There is good reason to believe that the current rise in tensions is not simply the latest political ploy by Pyongyang, and that the Trump administration is indeed prioritising the situation. The US president, Donald Trump, reportedly told UN security council diplomats on Monday to “solve the problem” of North Korea’s nuclear weapons, while the entire US Senate was warned during an unusual briefing by the White House on Wednesday that Pyongyang posed “an urgent national security threat”.

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US president’s remarks are followed by a statement by his secretary of state, Rex Tillerson, to the UN security council in which he said the US would take military action if necessary to rein in Pyongyang’s nuclear ambitions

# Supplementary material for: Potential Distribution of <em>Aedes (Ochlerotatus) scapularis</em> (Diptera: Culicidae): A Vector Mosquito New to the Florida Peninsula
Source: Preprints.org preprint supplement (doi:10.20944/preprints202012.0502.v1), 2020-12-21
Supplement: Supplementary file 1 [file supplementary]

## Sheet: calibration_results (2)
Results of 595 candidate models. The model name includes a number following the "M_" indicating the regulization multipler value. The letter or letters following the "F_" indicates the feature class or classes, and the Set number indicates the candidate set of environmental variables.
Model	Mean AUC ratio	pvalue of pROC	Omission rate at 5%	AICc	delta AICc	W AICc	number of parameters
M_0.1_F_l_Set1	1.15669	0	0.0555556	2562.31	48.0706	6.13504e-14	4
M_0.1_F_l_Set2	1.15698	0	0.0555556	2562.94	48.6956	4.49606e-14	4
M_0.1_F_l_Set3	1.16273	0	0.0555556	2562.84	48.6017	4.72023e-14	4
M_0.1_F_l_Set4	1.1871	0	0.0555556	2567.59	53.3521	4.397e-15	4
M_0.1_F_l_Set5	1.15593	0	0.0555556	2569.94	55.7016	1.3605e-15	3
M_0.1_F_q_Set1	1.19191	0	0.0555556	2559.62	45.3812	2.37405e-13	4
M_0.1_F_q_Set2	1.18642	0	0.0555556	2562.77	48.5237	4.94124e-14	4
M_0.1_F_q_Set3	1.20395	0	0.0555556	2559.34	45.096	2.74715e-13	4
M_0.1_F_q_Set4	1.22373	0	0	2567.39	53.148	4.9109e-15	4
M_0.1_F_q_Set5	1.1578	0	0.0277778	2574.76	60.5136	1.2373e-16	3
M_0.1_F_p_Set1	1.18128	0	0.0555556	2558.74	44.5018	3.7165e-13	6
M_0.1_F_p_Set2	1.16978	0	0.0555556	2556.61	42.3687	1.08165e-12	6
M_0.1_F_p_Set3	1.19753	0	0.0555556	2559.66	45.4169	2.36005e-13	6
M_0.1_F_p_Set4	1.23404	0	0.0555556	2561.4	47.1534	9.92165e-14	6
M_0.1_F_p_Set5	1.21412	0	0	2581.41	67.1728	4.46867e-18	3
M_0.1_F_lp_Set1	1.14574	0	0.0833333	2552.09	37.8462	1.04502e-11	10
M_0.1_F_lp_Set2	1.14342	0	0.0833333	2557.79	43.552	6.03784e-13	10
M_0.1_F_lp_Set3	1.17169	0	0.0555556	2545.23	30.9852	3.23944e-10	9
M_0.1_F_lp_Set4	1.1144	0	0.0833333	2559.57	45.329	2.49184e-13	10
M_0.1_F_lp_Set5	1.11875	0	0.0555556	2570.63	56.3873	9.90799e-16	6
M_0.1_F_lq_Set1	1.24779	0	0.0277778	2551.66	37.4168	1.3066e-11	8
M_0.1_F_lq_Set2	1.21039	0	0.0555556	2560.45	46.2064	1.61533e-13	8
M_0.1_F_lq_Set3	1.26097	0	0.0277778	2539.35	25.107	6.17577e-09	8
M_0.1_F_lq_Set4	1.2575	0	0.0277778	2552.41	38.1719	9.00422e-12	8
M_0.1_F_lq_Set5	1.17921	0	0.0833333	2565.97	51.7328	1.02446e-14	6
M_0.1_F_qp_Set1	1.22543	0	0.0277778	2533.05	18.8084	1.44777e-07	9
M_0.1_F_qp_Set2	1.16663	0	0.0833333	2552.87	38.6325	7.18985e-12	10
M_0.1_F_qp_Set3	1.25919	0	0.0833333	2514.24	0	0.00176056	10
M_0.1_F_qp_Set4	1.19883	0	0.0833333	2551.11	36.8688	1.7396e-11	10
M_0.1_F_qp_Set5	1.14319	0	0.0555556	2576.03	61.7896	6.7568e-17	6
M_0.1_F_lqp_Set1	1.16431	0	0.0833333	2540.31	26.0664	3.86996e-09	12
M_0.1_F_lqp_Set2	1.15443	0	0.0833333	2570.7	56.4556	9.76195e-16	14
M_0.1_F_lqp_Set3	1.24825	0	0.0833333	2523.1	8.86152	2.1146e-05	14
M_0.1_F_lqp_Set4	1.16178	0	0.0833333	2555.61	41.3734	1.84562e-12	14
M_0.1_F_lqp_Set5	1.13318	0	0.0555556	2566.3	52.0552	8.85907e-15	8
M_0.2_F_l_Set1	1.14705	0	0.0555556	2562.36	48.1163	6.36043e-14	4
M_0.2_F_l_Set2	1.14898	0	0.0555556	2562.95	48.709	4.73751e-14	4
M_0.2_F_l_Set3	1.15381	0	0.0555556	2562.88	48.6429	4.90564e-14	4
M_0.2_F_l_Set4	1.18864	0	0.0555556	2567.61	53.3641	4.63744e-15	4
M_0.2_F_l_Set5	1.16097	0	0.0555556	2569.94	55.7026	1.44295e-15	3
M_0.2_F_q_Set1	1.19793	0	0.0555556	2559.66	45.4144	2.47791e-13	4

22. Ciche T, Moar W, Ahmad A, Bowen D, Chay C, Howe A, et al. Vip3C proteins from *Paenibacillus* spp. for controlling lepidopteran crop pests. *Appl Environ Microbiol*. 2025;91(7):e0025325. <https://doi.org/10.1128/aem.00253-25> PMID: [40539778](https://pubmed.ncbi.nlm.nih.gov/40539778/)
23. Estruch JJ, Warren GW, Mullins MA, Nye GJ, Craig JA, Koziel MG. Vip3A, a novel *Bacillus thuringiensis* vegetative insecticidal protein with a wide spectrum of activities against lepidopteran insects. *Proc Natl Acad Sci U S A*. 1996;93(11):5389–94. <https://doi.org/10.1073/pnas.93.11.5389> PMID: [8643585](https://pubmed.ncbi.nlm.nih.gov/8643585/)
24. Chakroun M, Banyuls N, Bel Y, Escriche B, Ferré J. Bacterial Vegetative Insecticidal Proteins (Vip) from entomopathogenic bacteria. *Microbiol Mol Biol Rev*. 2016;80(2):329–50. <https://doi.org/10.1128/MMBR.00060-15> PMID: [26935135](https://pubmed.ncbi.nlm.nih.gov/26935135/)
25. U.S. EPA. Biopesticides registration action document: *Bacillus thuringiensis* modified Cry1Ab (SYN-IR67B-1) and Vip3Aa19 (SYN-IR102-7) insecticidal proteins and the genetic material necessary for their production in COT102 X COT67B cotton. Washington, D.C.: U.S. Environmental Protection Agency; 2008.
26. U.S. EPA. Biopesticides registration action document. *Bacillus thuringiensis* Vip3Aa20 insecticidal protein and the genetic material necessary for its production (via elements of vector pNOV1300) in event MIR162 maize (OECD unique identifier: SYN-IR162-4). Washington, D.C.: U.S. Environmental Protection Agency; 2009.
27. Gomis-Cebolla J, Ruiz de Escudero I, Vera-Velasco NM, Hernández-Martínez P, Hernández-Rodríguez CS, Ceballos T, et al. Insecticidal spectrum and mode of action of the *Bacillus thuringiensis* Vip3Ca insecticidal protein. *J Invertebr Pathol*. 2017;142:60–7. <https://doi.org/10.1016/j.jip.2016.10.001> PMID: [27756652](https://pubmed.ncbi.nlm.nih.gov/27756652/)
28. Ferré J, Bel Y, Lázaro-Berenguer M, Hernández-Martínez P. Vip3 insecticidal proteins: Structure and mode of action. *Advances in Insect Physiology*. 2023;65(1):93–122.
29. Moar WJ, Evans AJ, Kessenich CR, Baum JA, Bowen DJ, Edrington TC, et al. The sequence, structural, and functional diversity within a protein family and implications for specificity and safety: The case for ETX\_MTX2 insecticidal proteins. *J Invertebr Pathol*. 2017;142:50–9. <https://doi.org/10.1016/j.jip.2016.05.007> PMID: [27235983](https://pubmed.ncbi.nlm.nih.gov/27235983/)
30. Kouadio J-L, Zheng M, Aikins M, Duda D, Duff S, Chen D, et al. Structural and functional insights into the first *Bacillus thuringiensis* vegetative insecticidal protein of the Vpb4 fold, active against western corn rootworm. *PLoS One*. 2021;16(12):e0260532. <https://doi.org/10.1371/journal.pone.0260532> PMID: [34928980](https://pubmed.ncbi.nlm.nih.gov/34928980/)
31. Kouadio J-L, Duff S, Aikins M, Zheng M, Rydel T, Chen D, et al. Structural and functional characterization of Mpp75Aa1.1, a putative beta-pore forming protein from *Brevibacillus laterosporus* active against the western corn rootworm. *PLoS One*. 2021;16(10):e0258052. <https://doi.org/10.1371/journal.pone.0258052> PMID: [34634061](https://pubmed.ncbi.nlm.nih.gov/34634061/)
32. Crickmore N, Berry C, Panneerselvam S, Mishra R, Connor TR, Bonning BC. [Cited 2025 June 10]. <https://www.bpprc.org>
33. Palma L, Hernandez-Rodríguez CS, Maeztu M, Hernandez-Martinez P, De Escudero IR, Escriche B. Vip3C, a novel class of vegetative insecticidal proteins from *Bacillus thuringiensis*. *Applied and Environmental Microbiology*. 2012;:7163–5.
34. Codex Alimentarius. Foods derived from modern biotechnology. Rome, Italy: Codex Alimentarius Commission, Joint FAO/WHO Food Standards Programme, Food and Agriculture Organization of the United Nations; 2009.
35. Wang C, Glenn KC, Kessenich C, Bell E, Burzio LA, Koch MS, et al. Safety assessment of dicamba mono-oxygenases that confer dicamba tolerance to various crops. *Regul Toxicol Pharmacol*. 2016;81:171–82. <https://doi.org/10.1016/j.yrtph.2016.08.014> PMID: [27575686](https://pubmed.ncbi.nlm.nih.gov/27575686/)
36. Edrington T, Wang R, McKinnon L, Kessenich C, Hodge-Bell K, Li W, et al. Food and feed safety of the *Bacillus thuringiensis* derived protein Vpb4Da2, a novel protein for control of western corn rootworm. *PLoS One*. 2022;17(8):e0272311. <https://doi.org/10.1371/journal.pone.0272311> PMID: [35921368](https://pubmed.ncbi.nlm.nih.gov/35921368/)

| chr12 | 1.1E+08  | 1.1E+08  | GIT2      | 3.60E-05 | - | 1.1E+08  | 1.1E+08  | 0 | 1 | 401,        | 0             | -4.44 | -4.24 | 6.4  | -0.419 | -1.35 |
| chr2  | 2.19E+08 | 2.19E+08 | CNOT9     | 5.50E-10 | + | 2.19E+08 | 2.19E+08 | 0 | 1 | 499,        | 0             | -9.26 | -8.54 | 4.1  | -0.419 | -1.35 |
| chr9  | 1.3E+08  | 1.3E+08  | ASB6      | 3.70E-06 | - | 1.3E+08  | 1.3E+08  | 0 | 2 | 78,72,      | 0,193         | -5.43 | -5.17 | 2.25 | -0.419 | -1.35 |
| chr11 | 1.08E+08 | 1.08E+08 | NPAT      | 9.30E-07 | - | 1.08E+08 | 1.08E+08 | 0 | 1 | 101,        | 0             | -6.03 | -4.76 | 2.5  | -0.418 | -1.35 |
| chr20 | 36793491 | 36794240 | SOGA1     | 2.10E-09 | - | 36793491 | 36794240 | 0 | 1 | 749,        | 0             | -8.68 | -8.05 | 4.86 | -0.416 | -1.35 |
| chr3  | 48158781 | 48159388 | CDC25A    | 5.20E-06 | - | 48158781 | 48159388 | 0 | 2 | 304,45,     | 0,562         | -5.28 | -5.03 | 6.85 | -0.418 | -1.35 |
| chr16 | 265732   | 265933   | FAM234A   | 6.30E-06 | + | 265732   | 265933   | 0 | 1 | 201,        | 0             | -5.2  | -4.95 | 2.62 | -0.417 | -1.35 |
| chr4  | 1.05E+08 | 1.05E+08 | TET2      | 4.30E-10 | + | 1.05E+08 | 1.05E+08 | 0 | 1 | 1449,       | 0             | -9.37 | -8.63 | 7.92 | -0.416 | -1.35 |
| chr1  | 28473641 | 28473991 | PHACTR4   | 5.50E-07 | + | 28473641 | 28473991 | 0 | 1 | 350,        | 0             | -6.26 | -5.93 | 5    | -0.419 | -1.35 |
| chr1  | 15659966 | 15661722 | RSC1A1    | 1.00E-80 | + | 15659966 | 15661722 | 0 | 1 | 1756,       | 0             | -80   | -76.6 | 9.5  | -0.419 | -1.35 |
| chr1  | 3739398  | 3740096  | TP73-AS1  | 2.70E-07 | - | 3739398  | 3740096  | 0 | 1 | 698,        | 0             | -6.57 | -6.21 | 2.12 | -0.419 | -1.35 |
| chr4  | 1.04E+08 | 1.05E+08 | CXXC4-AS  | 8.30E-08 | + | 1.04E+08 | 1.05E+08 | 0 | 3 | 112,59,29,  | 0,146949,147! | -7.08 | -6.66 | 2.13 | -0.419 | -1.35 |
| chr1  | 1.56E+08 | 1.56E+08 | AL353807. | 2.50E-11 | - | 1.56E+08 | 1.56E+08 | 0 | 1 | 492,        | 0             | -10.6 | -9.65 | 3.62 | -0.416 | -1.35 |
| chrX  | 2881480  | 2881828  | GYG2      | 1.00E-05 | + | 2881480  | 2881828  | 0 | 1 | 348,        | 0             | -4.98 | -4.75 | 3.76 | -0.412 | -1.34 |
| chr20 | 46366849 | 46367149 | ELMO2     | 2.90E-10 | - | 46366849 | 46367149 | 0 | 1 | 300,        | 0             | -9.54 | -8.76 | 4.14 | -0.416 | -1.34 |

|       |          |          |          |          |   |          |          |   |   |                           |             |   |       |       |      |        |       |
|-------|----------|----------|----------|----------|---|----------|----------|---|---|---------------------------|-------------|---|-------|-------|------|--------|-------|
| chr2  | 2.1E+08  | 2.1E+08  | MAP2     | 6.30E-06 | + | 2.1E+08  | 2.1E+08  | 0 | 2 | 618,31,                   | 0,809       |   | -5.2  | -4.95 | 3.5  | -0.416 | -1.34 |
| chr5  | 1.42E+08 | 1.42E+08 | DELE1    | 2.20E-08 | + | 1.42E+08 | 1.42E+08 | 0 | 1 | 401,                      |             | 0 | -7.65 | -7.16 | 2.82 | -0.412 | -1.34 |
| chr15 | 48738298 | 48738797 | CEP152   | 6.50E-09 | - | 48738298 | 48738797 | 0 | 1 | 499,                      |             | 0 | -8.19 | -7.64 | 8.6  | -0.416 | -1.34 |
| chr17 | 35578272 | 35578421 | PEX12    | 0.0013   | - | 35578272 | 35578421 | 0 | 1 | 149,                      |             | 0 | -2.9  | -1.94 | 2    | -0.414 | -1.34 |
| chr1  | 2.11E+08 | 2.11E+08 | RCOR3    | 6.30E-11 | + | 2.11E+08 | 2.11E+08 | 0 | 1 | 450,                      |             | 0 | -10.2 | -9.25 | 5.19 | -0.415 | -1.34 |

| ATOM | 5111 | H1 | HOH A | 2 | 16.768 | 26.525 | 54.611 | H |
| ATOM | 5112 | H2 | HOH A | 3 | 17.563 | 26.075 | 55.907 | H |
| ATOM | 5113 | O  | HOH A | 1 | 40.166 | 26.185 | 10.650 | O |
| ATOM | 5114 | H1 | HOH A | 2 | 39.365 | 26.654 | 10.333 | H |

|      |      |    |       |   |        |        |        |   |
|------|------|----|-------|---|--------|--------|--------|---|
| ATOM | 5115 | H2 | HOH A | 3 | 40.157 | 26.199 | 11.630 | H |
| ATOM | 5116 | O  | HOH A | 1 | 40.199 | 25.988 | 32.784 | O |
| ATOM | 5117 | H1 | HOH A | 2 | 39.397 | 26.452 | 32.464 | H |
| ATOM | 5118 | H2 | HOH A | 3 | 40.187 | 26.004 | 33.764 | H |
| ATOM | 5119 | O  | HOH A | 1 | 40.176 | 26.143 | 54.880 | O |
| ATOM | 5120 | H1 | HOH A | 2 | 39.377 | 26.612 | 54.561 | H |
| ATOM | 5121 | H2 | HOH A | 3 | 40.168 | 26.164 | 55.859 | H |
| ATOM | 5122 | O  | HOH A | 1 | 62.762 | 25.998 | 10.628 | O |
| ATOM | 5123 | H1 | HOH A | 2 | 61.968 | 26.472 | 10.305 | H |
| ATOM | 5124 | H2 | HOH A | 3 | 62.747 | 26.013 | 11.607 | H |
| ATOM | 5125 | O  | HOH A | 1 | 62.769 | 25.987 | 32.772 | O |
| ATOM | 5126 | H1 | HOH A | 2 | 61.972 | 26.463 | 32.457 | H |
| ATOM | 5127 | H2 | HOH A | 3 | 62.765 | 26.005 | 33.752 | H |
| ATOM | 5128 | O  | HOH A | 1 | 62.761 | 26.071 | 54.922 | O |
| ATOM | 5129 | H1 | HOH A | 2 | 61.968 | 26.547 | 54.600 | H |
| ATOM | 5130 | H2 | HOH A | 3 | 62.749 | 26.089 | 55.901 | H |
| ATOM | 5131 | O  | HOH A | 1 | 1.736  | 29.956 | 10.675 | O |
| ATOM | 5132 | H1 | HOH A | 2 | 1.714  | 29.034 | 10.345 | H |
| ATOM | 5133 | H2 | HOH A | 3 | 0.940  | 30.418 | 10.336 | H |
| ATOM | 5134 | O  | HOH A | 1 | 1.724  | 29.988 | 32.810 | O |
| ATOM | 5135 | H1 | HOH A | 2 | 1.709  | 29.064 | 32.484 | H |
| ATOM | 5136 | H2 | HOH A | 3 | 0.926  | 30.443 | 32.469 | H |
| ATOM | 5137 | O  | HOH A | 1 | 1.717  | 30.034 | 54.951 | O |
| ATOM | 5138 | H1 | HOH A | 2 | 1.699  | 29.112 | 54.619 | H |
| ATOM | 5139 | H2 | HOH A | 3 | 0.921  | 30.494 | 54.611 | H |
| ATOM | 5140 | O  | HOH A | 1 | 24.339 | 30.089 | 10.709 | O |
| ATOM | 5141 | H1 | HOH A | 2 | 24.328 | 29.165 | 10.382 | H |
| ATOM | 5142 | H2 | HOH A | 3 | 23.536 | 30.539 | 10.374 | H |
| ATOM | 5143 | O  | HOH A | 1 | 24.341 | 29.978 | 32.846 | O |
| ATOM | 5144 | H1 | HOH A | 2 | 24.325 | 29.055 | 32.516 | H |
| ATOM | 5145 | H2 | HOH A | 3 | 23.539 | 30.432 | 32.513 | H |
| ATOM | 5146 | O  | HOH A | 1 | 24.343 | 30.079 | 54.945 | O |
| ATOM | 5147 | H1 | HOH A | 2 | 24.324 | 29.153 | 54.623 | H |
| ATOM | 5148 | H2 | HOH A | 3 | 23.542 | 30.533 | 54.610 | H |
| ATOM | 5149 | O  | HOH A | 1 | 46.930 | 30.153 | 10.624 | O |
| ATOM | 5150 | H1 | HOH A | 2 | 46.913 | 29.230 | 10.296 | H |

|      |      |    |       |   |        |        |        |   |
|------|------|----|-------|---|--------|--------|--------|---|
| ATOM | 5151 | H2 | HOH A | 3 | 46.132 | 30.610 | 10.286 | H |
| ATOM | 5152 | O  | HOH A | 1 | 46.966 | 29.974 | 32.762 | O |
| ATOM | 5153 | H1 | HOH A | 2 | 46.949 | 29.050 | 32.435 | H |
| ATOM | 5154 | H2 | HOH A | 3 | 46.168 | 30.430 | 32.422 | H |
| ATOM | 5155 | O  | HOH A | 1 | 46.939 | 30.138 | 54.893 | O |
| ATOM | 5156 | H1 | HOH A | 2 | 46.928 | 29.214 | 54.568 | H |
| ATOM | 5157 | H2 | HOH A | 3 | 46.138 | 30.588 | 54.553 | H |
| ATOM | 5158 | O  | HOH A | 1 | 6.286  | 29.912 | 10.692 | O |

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Venezuela unrest | Song of the Mugwump | Cameron and Brexit | Serota’s birthday ‘surprise’ | Grandparents

We note the growing concern across Latin America that elements of the right wing within Venezuela have called again for the ousting of the elected president, Nicolás Maduro – including overt calls on the military to oust the president – before the constitutional end of his term (Editorial, 26 April). This follows the US decision to renew sanctions against Venezuela. With Donald Trump attacking Venezuela during his election campaign, there is great concern that he may step up intervention aimed at regime change. We call for respect for Venezuela’s national sovereignty and an end to such interventions.
John Pilger, Richard Gott, Andy de la Tour, Michael Mansfield QC, John Hendy QC, Judith Amanthis, Dr Julie Hearn, Dr Hazel Marsh, Professor Frank Land, Salma Yaqoob